December 13, 2017

The Common Man Behind the Curtain

What comes to mind when you think of a winery? It’s probably a picturesque property covered with vines, a sophisticated tasting room that pours the range of wines, maybe a few knick-knacks, and that mysterious cellar you can get invites to if you’re a member of the club or there’s a special event. That or it’s something quaint and rustic with not much fancy decor, but still a good bit of tourist charm.

The world looks a little different when you’re on the other side of the tasting room table, though. When I tour a winery, I usually go where no tourist has gone before (because they usually don’t want you to see those parts). This month I want to take you through some of the guts of a wine operation and familiarize you with how that fancy property runs, and what goes into that romantic tourist experience you get when visiting.


The Winery as a Farm

The first thing people need to understand about wineries is that there are three basic businesses going on. The first, if the property has any vines, is that you’ve come to a farm. Wineries are agricultural businesses that grow grapes. Vineyard managers deal with all the issues that any farmer faces: soil quality, irrigation, weeding, pests, diseases, frost, natural disasters, etc, etc. Your typical vineyard is going to have a large range of farm equipment and a number of field hands to get the work done.

Vineyards can be very labor intensive. New vines are planted in the spring, the fruit and canopy are managed over the summer months, harvest takes place in the fall, and the whole vineyard gets pruned back in the winter. Every pass through the field is an expense, and for an industry that focuses on quality over quantity, several passes are often required. The farmers continue to toil though, because without great grapes, you can’t make great wine.

The Winery as a Factory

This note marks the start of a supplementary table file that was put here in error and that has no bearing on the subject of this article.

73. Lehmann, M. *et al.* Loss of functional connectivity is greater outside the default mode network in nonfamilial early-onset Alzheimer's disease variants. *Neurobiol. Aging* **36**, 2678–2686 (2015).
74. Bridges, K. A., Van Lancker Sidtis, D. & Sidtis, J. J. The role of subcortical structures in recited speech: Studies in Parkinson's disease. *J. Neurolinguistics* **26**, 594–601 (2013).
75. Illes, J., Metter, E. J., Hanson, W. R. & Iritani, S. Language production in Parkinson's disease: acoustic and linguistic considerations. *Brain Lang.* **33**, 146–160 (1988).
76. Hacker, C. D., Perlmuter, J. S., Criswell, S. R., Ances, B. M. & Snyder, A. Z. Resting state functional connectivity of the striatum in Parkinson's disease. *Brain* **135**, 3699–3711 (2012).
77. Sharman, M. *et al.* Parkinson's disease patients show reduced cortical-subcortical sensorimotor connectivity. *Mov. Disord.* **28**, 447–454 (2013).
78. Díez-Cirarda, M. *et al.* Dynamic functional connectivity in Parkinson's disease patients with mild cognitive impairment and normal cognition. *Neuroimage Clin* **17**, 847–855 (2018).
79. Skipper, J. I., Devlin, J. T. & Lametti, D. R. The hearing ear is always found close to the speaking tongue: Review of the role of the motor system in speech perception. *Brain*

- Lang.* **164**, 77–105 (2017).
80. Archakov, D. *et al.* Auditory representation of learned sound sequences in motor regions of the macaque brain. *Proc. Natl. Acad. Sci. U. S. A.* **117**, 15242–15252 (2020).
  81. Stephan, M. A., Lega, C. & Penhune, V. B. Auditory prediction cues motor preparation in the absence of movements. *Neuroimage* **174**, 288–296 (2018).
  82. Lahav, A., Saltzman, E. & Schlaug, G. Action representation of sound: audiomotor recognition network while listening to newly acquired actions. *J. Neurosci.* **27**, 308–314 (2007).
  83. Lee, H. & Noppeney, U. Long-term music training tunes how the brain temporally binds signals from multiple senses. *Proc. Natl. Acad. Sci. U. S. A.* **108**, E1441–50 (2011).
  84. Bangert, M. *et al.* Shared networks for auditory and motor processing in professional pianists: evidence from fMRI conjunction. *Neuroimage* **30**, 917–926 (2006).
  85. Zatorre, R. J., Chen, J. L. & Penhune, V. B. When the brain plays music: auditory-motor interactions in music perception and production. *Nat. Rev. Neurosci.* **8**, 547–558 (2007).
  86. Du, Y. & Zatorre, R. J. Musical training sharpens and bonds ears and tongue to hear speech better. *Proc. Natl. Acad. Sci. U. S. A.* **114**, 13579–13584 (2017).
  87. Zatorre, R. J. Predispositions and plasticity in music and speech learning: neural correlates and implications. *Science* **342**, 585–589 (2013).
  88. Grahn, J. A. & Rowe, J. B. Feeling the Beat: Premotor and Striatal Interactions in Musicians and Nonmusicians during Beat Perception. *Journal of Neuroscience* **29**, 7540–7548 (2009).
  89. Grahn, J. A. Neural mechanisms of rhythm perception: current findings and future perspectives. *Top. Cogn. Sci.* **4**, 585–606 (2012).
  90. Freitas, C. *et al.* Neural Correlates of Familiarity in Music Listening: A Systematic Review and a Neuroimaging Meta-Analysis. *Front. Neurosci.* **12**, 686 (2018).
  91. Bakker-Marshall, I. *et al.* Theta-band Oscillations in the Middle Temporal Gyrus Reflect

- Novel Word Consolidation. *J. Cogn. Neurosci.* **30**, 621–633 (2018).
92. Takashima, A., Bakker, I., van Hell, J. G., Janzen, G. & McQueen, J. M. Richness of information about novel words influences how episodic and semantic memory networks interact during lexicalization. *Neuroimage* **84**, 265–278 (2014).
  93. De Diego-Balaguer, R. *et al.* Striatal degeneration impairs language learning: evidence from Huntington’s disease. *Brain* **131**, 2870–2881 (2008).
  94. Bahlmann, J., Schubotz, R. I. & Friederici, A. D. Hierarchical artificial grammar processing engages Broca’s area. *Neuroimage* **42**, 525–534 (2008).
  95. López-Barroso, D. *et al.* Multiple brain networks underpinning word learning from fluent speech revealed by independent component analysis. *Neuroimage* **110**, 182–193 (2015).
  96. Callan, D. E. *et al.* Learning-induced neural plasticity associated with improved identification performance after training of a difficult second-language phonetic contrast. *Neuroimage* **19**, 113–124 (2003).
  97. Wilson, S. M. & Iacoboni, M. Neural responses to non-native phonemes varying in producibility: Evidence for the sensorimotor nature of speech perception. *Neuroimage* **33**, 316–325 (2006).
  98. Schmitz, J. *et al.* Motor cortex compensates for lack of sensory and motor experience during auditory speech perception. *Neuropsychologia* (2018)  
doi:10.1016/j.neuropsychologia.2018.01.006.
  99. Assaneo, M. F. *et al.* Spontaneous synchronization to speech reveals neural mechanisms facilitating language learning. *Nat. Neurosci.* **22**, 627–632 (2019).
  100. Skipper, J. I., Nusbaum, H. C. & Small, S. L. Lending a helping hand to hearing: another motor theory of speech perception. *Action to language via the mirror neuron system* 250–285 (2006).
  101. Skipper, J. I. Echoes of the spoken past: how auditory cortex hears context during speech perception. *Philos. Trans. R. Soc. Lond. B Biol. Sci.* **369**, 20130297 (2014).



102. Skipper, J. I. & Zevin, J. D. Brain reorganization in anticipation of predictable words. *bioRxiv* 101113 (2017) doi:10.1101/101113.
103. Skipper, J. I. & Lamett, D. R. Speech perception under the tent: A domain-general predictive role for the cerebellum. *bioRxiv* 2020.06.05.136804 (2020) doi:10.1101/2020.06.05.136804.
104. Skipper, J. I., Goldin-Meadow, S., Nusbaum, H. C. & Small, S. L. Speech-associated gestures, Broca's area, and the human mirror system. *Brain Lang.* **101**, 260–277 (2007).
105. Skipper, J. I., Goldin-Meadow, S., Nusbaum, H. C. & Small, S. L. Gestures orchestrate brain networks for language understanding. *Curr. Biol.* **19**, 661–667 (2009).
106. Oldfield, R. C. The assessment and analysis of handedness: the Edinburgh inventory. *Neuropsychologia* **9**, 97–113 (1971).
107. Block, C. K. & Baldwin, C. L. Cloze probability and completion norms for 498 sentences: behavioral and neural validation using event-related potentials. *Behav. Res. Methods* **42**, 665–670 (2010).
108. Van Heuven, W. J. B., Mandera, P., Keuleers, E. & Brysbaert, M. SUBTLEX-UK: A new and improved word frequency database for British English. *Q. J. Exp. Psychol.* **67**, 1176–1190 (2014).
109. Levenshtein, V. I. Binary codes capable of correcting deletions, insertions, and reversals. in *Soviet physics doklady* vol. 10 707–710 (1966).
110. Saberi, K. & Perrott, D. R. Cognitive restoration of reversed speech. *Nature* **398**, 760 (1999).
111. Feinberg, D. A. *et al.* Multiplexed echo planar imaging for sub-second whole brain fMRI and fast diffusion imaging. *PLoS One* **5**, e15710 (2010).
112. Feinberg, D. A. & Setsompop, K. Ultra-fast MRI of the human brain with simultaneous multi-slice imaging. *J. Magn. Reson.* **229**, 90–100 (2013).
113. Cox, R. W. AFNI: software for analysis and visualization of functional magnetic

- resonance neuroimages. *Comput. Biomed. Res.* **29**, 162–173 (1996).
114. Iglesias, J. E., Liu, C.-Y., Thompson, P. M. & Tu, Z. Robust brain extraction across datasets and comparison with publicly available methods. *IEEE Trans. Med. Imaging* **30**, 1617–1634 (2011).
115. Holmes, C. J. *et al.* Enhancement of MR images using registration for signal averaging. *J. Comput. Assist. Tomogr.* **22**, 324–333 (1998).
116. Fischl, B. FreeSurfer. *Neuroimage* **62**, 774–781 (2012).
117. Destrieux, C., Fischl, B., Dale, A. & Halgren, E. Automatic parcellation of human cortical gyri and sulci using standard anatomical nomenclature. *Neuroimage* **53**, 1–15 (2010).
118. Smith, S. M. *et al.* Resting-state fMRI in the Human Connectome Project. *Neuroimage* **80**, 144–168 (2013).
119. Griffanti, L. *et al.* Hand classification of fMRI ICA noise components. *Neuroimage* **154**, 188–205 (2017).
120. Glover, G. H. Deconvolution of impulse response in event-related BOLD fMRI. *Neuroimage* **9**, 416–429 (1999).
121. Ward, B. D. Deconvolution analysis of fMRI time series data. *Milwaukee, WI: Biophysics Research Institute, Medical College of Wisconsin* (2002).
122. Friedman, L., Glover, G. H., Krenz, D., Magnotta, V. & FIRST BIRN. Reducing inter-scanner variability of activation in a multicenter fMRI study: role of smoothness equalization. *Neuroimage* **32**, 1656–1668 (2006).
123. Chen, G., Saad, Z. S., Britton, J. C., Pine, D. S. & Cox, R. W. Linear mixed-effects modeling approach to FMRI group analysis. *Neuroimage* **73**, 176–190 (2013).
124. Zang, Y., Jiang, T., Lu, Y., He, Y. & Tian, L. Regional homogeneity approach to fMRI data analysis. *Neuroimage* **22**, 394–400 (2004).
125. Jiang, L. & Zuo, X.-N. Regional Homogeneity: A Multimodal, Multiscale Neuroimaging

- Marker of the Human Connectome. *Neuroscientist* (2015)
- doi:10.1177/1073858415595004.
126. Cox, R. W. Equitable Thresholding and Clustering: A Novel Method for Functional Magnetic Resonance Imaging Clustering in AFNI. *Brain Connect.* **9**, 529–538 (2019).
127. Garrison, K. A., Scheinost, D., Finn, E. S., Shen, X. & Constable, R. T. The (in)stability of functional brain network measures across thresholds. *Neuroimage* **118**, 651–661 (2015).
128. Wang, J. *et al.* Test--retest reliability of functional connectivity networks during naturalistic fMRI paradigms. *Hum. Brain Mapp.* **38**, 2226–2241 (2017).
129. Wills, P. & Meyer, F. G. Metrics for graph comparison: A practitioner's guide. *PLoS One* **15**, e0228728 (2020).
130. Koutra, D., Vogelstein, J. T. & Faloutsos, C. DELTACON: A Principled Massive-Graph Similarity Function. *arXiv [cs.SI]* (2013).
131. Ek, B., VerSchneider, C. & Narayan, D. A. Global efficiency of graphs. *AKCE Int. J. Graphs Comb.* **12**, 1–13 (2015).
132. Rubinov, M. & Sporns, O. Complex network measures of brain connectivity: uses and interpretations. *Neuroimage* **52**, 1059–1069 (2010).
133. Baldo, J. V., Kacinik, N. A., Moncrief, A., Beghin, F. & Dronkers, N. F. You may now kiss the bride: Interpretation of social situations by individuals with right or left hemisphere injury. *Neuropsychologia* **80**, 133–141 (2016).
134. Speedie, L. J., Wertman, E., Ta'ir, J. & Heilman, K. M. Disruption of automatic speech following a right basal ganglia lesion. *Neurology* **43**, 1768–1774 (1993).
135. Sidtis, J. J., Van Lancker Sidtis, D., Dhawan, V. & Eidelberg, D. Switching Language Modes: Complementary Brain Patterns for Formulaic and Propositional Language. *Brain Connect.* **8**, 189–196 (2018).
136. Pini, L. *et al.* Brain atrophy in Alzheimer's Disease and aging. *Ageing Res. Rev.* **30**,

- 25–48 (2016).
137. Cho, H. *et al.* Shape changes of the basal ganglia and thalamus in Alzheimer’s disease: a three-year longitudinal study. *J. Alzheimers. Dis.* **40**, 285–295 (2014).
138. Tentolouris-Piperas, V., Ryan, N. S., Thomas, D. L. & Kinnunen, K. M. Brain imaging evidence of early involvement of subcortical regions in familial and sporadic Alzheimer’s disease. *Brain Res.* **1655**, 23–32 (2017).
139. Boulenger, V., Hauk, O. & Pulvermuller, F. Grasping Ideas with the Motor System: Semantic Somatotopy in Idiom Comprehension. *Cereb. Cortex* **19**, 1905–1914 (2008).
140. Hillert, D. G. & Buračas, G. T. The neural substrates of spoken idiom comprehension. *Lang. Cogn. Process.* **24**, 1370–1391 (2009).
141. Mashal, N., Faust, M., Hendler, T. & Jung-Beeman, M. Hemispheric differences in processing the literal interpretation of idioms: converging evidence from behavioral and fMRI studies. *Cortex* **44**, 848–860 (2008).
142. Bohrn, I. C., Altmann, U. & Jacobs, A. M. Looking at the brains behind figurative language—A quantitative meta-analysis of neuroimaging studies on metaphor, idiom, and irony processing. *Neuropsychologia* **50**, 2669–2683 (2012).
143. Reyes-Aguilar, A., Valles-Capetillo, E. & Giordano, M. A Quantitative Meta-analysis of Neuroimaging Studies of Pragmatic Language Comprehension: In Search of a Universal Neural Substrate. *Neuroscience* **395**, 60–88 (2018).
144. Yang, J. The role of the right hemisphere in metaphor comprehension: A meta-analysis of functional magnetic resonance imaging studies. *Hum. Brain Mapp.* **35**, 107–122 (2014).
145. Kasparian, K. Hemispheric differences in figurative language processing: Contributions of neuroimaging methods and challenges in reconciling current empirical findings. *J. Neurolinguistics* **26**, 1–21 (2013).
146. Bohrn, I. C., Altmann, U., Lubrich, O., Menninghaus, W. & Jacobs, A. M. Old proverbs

The second aspect is the winery itself. This often gets over-romanticized as a place of wonder, but in all honesty, it’s a food production factory. The purpose of a winery is to take the grapes and process them into a beverage. Like any processing factory, you have input streams, and output streams. Grapes come in during the harvest. The stems, seeds, skins, and leftover yeast and sediment from the fermentation all go into a waste stream. Most wineries will compost their solid waste into the vineyards. Liquid wastes go off to aeration or sluice ponds where they get broken down by bacteria in a fashion similar to a septic tank. Few tourists get to see the waste water ponds, but they are as important to the winery operation as any other aspect. Sanitation is one of the primary jobs in a winery, just like any food production. Winemakers spend at least half their time cleaning equipment to make sure wine doesn’t spoil. Along the way everything gets analyzed. The resulting end product is the wine. Once the food is finished, it gets packaged and handed off to the third business.

The Winery as a Business

The last part in the chain is what most people know of as a winery, which is the sales and marketing. You can make the best product in the world, but if you can’t sell it, you have no business. Most small wineries will operate a tasting room on-premise, and also sell through a number of channels, including restaurants, resorts, bars and retail shops. Larger companies work through a distributor, but most small mom and pop operations do all the work themselves. Along with the wine sales comes all the advertising and marketing, which is basically the hats and t-shirts and other such trinkets you get.

It’s by far the cleanest and least physically demanding part of the business, but in many ways can be the hardest job in the winery. I often tell people that they should visit wine country during harvest time and go to the local pub at night for entertainment. The second thing I tell them is to look around the bar for everyone that has black hands and farmer tans, as they’re usually the people that work at the wineries growing and making the fine products you try at those posh tasting rooms.

For all the elitism that often comes with wine, behind the scenes it’s very much blue-collar dirty work done by the common man. So go visit your local farmer/food producer/wine salesman and appreciate their hard work. As always, do so responsibly.

 

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